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Six Inches from Normal

Six Inches from Normal

In yet another recent conversation with my eight-year-old, we were discussing genetics and what her future might hold. Her blue eyes are mine, her tanned skin her daddy’s. Her smile resembles Aunt Carrie, her toes Aunt Katy. But today’s concern was her height. Dan’s mother is lithe and tall, perhaps 5'10'' or 5'11''. My mother is barely a hair’s breadth over five feet on a humid day! (It makes for an interesting gene pool!) As we contrasted the various shapes and sizes of God’s many human creatures, Emma seemed fixated on what was “normal.”

But what is the most common hair color? What is the average skin tone? What height is normal? I told her that my height is about average, at 5'4'' or so. Her sutomatic response was, “So if I am going to be around 5'10'', than I am six inches from normal?”

Do you ever hear words echoing around in the halls of your mind? Ever since that comment from her, “Six inches from normal … six inches from normal,” has been bouncing around my brain. Sounds kind of like a high school band maybe. But it got me thinking.

In Mary Piphers book, Reviving Ophelia, she asserts that the pressures and assaults that young girls face in today’s schools and social circles damage their fragile souls in ways that take years to recover. She pitches out, “Why do our eight- and nine-year-old daughters sing at the top of their lungs in the shower and parade their dress-ups and dolls without shame, and yet two or three years later, we lose their sparkling personalities to self-conscious stammers, downcast eyes, and castaway toys.” Too many of this generation’s young mothers remember all too well the caste systems, the exclusivity and the harshness of just being female. Why do we have such stringent standards of normal? Especially for girls and women in American culture. I think the most ironic part is that so often we, as women, impose those standards on ourselves!

Nevertheless, I am on a mission to fertilize and water my little seedlings as they bloom and grow into the precious and unique treasures that God has created them to be. And yet to simultaneously shelter them for a time from the abrasive winds of adolescent girlhood. Within the derision and ridicule that they encounter, their fragile minds are hearing, “You can’t like that, or look like that, or do that, and still be accepted here.” And so they adapt. Camouflage. Chameleon. But over time, they sacrifice precious ingredients of who they are on the altar of popularity and acceptance.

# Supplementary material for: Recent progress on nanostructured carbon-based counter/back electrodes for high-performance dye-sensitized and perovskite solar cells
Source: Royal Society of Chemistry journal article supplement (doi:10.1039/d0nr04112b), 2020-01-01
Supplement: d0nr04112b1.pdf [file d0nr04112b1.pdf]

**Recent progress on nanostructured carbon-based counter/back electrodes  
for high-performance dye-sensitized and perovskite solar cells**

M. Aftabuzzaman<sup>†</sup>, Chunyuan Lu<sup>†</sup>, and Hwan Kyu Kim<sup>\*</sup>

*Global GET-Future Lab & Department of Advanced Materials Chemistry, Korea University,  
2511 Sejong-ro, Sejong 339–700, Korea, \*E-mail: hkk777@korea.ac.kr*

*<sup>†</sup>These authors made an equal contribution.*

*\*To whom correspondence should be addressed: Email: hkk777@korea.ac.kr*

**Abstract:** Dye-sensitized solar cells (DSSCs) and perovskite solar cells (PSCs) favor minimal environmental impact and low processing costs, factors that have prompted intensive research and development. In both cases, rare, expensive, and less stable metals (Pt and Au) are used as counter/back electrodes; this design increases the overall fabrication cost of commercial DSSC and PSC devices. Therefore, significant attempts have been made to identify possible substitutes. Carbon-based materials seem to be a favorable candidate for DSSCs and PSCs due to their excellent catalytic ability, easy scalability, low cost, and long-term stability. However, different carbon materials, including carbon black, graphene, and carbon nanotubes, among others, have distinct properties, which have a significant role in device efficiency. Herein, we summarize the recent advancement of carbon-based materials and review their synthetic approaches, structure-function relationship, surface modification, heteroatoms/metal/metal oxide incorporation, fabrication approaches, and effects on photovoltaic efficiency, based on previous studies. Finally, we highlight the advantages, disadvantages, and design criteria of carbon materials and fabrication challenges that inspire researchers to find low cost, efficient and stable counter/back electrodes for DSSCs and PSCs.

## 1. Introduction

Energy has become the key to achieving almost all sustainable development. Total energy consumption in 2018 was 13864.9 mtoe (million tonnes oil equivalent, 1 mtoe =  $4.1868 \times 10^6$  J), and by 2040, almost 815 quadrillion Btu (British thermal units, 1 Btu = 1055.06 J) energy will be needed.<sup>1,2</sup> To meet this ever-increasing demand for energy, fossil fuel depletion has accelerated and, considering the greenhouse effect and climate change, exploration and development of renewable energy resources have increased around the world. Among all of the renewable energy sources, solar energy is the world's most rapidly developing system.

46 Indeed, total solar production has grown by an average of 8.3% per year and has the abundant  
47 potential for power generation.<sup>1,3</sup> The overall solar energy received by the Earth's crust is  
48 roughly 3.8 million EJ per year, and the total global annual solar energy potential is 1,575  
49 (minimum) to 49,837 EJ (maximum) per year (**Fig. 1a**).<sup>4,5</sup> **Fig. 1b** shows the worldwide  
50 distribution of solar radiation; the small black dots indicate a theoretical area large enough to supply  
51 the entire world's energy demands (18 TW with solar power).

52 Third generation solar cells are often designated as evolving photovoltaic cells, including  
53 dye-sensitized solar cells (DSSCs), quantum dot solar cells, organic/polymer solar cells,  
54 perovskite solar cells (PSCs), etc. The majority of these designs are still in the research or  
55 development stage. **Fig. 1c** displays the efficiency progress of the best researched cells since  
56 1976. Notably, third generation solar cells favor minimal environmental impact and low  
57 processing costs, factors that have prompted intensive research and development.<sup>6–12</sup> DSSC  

I encourage you—as mothers, sisters, women, humans—to both break the judgmental cycle among grown women and to also unconditionally support and love the little girls in your life. Growing up is rough these days! Emma has already encountered petty cliquism among girls as young as seven and eight, but we also uncovered that most often, the mothers were modeling that detrimental behavior at home in their own peer relationships. It’s a selfish, “look-out-for-number-one” mentality that permeates social interactions and nullifies godly mercy and love. Let us give our daughters the gift of freedom to be themselves! To be individual and quirky and off-beat. To be tom-boyish and dirty and lanky and freckled and inquisitive and talkative and giggly and idealistic. And to be loved and cherished and accepted and adored all the same. For in that place, they can grow into the person God made them to be.

For You formed my inward parts; You wove me in my mother’s womb. I will give thanks to You, for I am fearfully and wonderfully made; Wonderful are Your works, And my soul knows it very well. My frame was not hidden from You, When I was made in secret, And skillfully wrought in the depths of the earth.—Psalms 139:13-15

And who wants to be a clone anyway. Six inches from normal? Should we all be so lucky.

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